See discussions, stats, and author profiles for this publication at:

User Perceptions of Internet of Things (IoT) Systems

Conference Paper  in  Communications in Computer and Information Science · October 2017

DOI: 10.1007/978-3-319-67876-4_1




1 author:

Some of the authors of this publication are also working on these related projects:

Digital Competence View project

Security and Privacy in Internet of Things: Designing, Modelling and Assessing. View project

Anastasios A. Economides

University of Macedonia



All content following this page was uploaded by Anastasios A. Economides on 30 January 2018.

The user has requested enhancement of the downloaded file.



User Perceptions of Internet of Things (IoT) Systems

Anastasios A. Economides(&)

University of Macedonia, Thessaloniki, Greece

Abstract. This chapter proposes a user perceptions model regarding an IoT system that is based on the user’s beliefs about important factors of this IoT system. Initially, the chapter classifies the IoT applications and services in twelve (12) sectors across the personal, business and public domains. It also outlines the technological, societal, business and human challenges. Then, it defines the IoT User Perceptions Model (IoT-UPM) which is composed from thirty-three (33) fundamental factors. Also, it formally defines these thirty-three (33) factors in order to establish a universally accepted model regarding user perceptions of a particular IoT system.

Keywords: Easy-of-use � Effectiveness � Efficiency � Internet of Things � Interoperability � IoT � IoT-UPM � Personalization � Satisfaction � Security � Technology Acceptance Model � Ubiquity � Usefulness � User control � User experience � User perceptions � Value-for-money

1 Introduction

IoT is the worldwide digital infrastructure that supports ubiquitous services among interacting humans, things, data and applications. A thing carries sensors which sense, measure and collect data. It may process and analyze these data either locally or transmit them to other systems. Subsequently, these systems make recommendations to people or order actuators to act appropriately. Thus, a thing may carry one or more sensors and/or actuators and be able to communicate with other things. It is forecasted that there will exist around 30 billion connected devices by 2021 [21, 23, 24]. Cor- respondingly, the IoT economic impact is expected to be around $1 trillion by 2022 [36]. Major IoT applications sectors include smart cities, smart transportation and logistics, smart industry, and smart home. It is expected that the market in emerging sectors will exceed $100 billion per sector by 2021 [2, 25, 36, 45, 46].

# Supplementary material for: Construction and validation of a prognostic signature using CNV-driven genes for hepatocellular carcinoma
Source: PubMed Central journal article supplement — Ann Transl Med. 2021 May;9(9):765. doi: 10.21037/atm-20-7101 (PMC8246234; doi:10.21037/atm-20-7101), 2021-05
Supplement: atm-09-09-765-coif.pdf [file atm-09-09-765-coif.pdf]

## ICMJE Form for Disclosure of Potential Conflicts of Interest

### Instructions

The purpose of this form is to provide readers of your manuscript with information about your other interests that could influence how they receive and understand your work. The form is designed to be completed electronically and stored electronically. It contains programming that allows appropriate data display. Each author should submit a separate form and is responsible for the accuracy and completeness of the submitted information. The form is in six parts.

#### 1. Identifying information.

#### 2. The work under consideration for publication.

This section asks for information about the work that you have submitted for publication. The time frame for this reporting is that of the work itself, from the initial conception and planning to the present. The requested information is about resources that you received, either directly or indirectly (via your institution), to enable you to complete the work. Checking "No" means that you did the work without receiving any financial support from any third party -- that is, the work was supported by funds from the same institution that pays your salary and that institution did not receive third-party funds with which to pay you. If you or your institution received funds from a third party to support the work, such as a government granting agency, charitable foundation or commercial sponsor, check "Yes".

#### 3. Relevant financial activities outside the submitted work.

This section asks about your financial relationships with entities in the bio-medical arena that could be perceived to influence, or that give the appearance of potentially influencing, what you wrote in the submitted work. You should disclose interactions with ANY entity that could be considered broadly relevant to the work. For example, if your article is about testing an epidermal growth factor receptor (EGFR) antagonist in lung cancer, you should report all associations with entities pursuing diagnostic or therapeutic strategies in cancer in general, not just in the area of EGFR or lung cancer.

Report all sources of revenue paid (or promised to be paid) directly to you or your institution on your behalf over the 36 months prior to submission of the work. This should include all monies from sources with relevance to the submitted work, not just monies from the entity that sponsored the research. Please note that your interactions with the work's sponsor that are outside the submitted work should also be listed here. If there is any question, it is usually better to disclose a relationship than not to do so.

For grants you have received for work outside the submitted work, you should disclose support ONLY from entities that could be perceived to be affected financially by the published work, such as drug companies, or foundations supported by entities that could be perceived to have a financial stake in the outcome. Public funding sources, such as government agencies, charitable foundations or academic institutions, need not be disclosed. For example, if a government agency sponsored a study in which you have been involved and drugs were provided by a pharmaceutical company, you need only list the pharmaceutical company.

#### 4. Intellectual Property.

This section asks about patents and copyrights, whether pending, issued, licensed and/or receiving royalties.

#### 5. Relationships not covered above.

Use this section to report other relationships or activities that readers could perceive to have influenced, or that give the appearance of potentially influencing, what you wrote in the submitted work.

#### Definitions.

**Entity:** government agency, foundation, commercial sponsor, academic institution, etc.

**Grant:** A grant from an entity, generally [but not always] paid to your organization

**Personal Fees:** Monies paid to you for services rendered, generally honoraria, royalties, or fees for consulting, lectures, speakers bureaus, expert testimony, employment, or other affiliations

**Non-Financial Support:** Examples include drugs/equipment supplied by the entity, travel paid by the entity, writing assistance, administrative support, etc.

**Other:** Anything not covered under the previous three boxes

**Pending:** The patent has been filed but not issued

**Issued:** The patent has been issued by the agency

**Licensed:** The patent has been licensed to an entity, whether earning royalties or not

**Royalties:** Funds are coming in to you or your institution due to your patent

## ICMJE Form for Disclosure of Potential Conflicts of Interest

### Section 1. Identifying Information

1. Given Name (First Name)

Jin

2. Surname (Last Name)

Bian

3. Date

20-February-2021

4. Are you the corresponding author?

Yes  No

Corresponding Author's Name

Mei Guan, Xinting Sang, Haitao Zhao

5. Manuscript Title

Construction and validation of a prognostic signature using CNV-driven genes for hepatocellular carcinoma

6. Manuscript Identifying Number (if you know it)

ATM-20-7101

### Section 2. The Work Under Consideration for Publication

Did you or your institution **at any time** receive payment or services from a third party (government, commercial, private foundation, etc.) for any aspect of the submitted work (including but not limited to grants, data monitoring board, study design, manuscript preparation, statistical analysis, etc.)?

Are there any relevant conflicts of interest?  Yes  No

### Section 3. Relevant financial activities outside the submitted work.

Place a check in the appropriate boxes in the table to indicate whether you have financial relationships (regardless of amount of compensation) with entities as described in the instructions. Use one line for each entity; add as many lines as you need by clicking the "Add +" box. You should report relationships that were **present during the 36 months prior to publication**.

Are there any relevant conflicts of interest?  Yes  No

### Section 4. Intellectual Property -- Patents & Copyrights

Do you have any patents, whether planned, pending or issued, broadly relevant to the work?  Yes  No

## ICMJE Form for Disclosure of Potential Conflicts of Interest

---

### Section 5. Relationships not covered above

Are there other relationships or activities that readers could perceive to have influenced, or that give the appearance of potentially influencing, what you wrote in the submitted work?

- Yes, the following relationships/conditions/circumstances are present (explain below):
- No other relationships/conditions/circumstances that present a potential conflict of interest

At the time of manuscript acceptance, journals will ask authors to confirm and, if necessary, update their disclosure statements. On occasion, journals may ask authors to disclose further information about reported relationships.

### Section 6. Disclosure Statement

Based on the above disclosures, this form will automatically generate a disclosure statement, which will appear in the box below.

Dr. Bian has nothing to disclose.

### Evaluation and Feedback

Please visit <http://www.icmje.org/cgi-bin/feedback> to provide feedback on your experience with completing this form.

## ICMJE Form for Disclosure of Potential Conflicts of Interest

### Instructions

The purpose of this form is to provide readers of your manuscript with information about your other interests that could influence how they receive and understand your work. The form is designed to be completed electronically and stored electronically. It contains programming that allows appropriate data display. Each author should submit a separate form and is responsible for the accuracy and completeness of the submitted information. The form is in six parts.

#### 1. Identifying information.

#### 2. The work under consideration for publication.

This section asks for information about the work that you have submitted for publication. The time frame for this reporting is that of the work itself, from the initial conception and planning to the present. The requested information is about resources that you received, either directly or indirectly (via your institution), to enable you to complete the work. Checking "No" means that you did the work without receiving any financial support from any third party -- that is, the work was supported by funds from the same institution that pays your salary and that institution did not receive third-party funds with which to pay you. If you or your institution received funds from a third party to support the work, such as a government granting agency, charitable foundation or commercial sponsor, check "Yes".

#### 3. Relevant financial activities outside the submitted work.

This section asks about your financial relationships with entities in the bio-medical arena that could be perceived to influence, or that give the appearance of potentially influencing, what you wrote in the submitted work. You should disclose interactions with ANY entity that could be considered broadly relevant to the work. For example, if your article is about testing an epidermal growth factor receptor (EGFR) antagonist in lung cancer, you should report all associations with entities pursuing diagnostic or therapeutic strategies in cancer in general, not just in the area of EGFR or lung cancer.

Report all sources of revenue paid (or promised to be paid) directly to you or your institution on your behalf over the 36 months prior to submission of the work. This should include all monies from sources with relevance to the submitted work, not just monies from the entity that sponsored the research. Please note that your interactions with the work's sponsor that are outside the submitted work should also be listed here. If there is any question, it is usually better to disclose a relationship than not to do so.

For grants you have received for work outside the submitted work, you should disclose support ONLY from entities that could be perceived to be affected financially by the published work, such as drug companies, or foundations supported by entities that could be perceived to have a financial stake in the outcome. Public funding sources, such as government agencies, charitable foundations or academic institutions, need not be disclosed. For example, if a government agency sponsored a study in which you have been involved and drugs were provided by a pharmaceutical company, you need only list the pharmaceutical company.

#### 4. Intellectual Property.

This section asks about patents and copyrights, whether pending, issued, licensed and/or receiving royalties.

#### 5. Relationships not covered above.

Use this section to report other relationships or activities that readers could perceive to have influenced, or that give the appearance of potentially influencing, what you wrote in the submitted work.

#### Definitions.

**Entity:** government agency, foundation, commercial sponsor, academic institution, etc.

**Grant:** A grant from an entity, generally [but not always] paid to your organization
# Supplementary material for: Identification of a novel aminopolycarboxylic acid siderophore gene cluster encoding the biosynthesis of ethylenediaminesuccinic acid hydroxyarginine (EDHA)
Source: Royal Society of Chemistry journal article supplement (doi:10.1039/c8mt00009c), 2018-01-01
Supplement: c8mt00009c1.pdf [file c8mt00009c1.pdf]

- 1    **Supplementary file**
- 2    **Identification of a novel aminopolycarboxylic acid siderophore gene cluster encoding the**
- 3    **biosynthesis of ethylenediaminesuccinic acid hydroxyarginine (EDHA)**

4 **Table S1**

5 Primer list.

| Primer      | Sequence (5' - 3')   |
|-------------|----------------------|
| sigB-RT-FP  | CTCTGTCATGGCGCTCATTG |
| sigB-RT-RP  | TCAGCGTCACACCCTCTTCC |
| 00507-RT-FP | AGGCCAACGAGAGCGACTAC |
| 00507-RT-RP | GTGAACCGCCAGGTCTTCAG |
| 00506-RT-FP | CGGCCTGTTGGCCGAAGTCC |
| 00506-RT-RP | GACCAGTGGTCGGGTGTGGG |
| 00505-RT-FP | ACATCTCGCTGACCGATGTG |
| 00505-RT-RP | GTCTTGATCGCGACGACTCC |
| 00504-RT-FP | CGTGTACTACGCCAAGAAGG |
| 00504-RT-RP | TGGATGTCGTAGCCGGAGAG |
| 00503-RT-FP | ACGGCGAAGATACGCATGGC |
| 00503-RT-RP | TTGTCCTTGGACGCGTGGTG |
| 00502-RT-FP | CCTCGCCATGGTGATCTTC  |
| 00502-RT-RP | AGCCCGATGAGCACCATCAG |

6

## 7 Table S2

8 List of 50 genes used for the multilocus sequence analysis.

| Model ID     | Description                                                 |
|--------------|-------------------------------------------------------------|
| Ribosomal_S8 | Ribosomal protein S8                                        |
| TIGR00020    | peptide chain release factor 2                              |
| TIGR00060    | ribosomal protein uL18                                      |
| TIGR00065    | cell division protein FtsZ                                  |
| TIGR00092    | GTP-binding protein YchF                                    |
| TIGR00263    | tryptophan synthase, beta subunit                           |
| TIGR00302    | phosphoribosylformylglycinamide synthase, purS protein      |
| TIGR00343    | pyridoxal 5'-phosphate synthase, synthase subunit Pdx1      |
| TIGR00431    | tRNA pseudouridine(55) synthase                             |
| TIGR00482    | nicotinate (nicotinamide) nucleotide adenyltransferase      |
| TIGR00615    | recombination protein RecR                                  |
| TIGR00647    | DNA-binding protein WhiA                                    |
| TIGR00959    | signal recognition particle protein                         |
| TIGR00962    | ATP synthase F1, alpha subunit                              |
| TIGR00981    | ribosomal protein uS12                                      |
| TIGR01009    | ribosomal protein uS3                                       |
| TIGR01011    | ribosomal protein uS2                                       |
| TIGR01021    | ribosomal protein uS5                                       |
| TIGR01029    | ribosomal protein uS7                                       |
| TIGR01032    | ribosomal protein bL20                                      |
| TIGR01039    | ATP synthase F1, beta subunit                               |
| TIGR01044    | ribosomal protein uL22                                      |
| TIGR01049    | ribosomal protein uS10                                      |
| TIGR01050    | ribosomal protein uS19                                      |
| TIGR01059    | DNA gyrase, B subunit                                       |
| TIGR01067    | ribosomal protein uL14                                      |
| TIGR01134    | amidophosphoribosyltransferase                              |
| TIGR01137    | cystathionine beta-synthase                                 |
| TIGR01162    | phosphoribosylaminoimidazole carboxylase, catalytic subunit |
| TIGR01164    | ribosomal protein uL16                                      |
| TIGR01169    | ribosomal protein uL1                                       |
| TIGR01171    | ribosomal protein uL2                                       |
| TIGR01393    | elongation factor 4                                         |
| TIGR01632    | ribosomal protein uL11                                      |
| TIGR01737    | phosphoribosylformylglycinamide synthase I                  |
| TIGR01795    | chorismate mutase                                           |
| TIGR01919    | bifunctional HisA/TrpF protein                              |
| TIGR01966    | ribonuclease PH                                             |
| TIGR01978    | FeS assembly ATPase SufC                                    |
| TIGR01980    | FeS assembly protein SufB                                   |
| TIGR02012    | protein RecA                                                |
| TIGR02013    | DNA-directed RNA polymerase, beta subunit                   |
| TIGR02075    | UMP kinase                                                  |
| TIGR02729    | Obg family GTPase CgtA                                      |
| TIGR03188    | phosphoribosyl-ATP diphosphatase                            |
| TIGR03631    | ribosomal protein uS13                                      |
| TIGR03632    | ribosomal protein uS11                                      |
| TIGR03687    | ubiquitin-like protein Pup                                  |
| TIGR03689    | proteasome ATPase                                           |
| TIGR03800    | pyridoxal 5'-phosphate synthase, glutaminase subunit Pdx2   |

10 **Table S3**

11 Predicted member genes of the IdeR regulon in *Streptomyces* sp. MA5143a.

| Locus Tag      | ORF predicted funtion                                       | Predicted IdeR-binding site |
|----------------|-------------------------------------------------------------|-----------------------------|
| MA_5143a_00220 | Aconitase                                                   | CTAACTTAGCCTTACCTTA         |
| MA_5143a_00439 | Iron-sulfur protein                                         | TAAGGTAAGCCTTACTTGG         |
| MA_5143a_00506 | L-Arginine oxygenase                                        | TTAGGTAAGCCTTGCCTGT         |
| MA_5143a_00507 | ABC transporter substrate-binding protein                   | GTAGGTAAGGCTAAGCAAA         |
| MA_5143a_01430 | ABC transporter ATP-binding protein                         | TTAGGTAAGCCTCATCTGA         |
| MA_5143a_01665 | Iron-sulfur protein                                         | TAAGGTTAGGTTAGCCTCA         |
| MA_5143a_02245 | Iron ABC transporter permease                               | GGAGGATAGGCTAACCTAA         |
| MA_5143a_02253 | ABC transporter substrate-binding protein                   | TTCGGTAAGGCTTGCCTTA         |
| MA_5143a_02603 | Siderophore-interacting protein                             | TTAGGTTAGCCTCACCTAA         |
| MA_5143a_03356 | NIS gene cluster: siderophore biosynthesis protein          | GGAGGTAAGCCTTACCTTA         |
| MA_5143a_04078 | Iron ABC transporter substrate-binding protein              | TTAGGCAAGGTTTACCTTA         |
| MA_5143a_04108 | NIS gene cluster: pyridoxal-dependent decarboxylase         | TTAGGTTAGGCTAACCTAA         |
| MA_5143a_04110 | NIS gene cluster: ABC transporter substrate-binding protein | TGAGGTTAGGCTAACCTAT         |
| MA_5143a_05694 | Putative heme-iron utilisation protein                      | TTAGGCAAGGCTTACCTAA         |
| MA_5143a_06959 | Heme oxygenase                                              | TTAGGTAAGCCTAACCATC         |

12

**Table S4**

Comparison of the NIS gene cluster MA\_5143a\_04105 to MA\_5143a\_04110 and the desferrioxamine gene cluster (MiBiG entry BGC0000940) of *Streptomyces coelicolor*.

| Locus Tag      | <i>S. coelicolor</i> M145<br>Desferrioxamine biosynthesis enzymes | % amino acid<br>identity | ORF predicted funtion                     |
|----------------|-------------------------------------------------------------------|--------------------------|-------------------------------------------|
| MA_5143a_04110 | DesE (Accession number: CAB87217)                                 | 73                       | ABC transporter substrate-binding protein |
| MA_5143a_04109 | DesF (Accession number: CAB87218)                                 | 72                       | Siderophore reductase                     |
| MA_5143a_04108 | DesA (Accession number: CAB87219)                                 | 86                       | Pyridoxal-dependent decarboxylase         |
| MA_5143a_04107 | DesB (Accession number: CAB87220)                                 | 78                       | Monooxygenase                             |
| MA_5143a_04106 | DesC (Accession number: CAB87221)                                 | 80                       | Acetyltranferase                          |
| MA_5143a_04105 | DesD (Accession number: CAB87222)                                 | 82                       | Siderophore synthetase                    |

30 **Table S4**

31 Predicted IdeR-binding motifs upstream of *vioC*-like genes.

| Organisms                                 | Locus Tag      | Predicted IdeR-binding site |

IoT has the potential to transform not only businesses but also society and everyday life [3, 5, 19, 47, 48, 53]. It will bring together people, things, data, applications and services. It will empower people to achieve their objectives (regarding health, educa- tion, enjoyment, family, work etc.), companies to accomplish their purpose and gov- ernments to serve their citizen. It will change the ways people, businesses, and governments interact among themselves. All the following interaction types would co-exist in IoT: Person-to-Person (P2P), Person-to-System (P2S), Person-to-Business

© Springer International Publishing AG 2017 M.S. Obaidat (Ed): ICETE 2016, CCIS 764, pp. 3–20, 2017.



(P2B), Person-to-Government (P2G), Person-to-Environment (P2E), Business-to- Person (B2P), Business-to-System (B2S), Business-to-Business (B2B), Business-to- Government (B2G), Business-to-Environment (B2E), Government-to-Person (G2P), Government-to-System (G2S), Government-to-Business (G2B), Government-to- Government (G2G), Government-to-Environment (G2E). Each actor (Person, Busi- ness, or Government) could be a single or a group of actors.

The proliferation of connected things, connected people, connected devices, con- nected networks, connected data and connected processes would create revolutionary opportunities in economy, society, business, and personal life. For example, an IoT system might continuously monitor elderly health and instantaneously alert emergency services in case of abnormal conditions. A carry-on IoT system might interact with Facebook and inform the user when someone of his friend is close to him. Food would be continuously monitored to guarantee that its ingredients, cooking, storage, and transportation adhere to hygiene standards. City officials would control traffic, parking, lighting, park irrigation and waste management. Government would monitor and maintain bridges, tunnels and other infrastructure conditions.